Breastmilk: Film Review

Everything you want to know about the subject and more.

Dana Ben-Ari's documentary explores the physical and emotional issues related to breastfeeding.

Being a childless male probably makes me less than qualified to review Dana Ben-Ari’s documentary about the trials and tribulations, both physical and emotional, involved in breastfeeding. But new and prospective parents -- especially, of course, mothers -- will find much to interest them in Breastmilk, which serves as a natural sequel to The Business of Being Born, the previous effort from executive producers Ricki Lake and Abby Epstein. Opening for an exclusive theatrical engagement at NYC’s IFC Center, the film, much like its titular subject, will more likely be consumed in private.

Profiling a gallery of new mothers, the film is perhaps most surprising for its refusing to moralize about the issue. Although the subjects are obviously determined to breastfeed their infants, there’s little proselytizing about the positive aspects of the increasingly popular practice versus the use of formula. There’s also barely a mention of the debate about the right to breastfeed in public.

Rather, it concentrates on the practical difficulties involved, from the inability of some mothers to produce milk in sufficient quantities to the difficulties some babies have in suckling on, or “latching onto,” their mother’s nipples. We learn about the phenomenon known as “tongue-tie,” a congenital condition afflicting the tongues of some babies that prevents them from getting a “good latch.”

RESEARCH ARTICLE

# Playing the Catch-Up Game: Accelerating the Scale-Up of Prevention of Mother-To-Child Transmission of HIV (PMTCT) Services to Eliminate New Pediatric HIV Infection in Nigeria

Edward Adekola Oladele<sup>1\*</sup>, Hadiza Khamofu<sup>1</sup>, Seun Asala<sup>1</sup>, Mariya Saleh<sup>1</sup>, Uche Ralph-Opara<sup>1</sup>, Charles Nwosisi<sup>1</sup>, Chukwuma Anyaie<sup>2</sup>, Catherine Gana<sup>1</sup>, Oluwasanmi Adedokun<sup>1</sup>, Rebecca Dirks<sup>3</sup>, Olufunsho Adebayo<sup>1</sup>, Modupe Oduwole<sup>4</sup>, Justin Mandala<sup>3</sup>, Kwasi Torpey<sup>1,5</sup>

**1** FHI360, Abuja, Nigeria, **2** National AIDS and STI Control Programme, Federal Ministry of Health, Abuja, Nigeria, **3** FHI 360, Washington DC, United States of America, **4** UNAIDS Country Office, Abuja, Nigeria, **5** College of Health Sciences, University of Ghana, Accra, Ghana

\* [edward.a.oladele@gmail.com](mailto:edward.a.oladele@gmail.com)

The subjects -- of varying ethnicities, sexual orientations and socioeconomic backgrounds -- articulately describe the challenges involved, with doctors and various other experts weighing in as well. “We want to let him explore it on his own for a little bit,” explains one mother about her child’s failed attempts to latch onto her breast. “I don’t want to be filmed pumping,” another declares. “I feel like a cow…I sit here and moo.” But despite her reservations, she goes on to say, “I’m fascinated by the fact that I can make food.”

Not that the proceedings consist entirely of talking heads. The director includes extensive scenes of women using breast pumps, and one rhapsodically photographed sequence featuring close-ups of nipples squirting milk rivals any nature footage to be found on the National Geographic Channel.

At times the film gets too detailed and arcane for its own good, from one professor’s description of “biological feminism” to a reference to “lactation pornography” that makes one shudder. It’s safe to say that most viewers will be happy to hear that no examples of the latter are included.  

Opens May 7 (CAVU Pictures)

Production: Aleph Pictures

Director-producer: Dana Ben-Ari

Executive producers: Ricki Lake, Abby Epstein, Nikola Duravcevic, Lindsey Clennell

Director of photography: Jake Clennell

Editors: Molly Snyder-Fink, Hisayo Kushida

Not rated, 90 minutes

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